I manage my Jekyll blog in a Git repo. My publication process uses 2 branches: master contains all production content, and feature/newposts has the new blog posts, ready to get published, one commit per post. To publish an existing post: I check the to-be-published post in the feature/newposts branch. Then, get the associated commit. And cherry pick it in the master branch. Finally, I push.
I started working with Git some years ago, and to be honest, it was not easy to pick up. It’s a huge beast, and there are several ways that can help to tame it. On the web, most articles focus on creating command shortcuts. In general, this goes like: instead of writing git pull --rebase, let’s create a shortcut to type gpr.
Since its inception, the attitude of GitHub toward repositories was to allow unlimited public repositories, while make private ones paying. Whether it’s a consequence of Microsoft’s acquisition or not, this stance changed recently: GitHub announced private repositories were also made free, for up to 3 contributors. There was a lot of celebration on the Web, but not from my side. This move looks more like a (desperate?) move to keep developers on GitHub. Whether that’s the case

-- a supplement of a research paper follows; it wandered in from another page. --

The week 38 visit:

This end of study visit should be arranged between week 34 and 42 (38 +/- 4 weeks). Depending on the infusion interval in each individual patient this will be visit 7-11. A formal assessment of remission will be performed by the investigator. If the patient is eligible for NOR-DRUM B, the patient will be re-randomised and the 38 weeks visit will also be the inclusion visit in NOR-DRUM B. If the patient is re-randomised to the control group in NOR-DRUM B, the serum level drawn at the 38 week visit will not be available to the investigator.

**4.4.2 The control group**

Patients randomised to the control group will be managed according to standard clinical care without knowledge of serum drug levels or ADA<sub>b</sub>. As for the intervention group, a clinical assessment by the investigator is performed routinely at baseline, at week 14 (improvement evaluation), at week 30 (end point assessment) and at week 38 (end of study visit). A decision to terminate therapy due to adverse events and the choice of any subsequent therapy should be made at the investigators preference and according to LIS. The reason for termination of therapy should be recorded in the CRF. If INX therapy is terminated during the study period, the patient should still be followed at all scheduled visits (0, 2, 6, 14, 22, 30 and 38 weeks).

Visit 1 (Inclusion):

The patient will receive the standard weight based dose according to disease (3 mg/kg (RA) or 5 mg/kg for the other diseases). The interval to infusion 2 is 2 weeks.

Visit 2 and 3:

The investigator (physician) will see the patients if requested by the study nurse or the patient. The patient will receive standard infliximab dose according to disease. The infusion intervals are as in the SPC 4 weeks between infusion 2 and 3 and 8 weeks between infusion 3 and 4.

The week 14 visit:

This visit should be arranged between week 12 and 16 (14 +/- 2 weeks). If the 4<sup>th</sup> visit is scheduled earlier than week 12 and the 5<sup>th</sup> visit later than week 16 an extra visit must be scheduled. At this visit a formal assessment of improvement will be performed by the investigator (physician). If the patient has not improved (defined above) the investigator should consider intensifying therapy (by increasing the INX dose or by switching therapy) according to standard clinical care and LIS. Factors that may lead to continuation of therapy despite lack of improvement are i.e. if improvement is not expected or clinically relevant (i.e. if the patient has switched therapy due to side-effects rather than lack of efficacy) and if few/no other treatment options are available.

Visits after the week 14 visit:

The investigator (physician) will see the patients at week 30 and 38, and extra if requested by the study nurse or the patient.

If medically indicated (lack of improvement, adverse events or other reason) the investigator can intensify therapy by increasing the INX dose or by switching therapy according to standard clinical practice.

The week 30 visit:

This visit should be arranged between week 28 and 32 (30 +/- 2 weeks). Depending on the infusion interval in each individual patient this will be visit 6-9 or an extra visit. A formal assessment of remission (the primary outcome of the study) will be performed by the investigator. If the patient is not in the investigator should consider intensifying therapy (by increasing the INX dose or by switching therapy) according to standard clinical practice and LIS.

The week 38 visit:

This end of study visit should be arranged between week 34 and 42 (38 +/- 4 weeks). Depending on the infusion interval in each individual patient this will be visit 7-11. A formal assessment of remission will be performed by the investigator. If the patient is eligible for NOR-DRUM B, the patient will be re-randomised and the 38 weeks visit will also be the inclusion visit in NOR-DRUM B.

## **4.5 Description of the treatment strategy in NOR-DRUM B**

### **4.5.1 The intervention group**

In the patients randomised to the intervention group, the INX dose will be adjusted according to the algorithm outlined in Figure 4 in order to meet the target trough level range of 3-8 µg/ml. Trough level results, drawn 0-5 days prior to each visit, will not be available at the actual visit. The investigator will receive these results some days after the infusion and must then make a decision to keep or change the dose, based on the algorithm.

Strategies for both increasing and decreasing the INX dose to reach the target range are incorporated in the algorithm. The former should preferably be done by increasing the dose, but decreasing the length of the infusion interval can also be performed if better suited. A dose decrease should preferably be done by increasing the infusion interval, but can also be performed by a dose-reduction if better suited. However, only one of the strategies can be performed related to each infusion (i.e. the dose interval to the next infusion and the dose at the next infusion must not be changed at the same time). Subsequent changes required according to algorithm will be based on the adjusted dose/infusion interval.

I’m not Git expert and I regularly learn things in Git that changes my view of the tool. When I was showed git rebase -i, I stopped over-thinking about my commits. When I discovered git reflog, I became more confident in rebasing. But I think one of the most important command I was taught was git rebase --onto. IMHO, the documentation has room for improvement regarding the result of option. If taking the image of the tree, it basically uproots a part of the tree to replant it somewhere el